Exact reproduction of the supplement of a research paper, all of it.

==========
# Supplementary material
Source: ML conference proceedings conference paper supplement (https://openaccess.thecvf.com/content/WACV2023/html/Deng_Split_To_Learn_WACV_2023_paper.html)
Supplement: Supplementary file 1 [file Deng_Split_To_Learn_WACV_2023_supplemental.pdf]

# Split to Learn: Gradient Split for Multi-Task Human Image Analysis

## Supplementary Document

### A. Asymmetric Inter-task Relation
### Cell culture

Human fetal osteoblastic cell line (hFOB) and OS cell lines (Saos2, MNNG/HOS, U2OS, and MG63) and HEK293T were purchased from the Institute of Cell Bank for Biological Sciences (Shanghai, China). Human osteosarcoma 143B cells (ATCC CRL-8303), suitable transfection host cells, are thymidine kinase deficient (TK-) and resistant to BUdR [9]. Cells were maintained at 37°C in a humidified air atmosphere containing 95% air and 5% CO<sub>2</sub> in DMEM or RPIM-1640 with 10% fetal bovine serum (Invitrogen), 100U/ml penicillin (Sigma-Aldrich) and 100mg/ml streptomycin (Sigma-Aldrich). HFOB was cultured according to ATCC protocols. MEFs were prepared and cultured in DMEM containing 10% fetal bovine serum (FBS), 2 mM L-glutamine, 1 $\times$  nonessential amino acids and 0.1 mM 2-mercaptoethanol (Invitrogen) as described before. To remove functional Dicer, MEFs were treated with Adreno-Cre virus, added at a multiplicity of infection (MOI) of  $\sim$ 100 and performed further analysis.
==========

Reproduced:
# Supplementary material
Source: ML conference proceedings conference paper supplement (https://openaccess.thecvf.com/content/WACV2023/html/Deng_Split_To_Learn_WACV_2023_paper.html)
Supplement: Supplementary file 1 [file Deng_Split_To_Learn_WACV_2023_supplemental.pdf]

# Split to Learn: Gradient Split for Multi-Task Human Image Analysis

## Supplementary Document

### A. Asymmetric Inter-task Relation
### Cell culture

Human fetal osteoblastic cell line (hFOB) and OS cell lines (Saos2, MNNG/HOS, U2OS, and MG63) and HEK293T were purchased from the Institute of Cell Bank for Biological Sciences (Shanghai, China). Human osteosarcoma 143B cells (ATCC CRL-8303), suitable transfection host cells, are thymidine kinase deficient (TK-) and resistant to BUdR [9]. Cells were maintained at 37°C in a humidified air atmosphere containing 95% air and 5% CO<sub>2</sub> in DMEM or RPIM-1640 with 10% fetal bovine serum (Invitrogen), 100U/ml penicillin (Sigma-Aldrich) and 100mg/ml streptomycin (Sigma-Aldrich). HFOB was cultured according to ATCC protocols. MEFs were prepared and cultured in DMEM containing 10% fetal bovine serum (FBS), 2 mM L-glutamine, 1 $\times$  nonessential amino acids and 0.1 mM 2-mercaptoethanol (Invitrogen) as described before. To remove functional Dicer, MEFs were treated with Adreno-Cre virus, added at a multiplicity of infection (MOI) of  $\sim$ 100 and performed further analysis.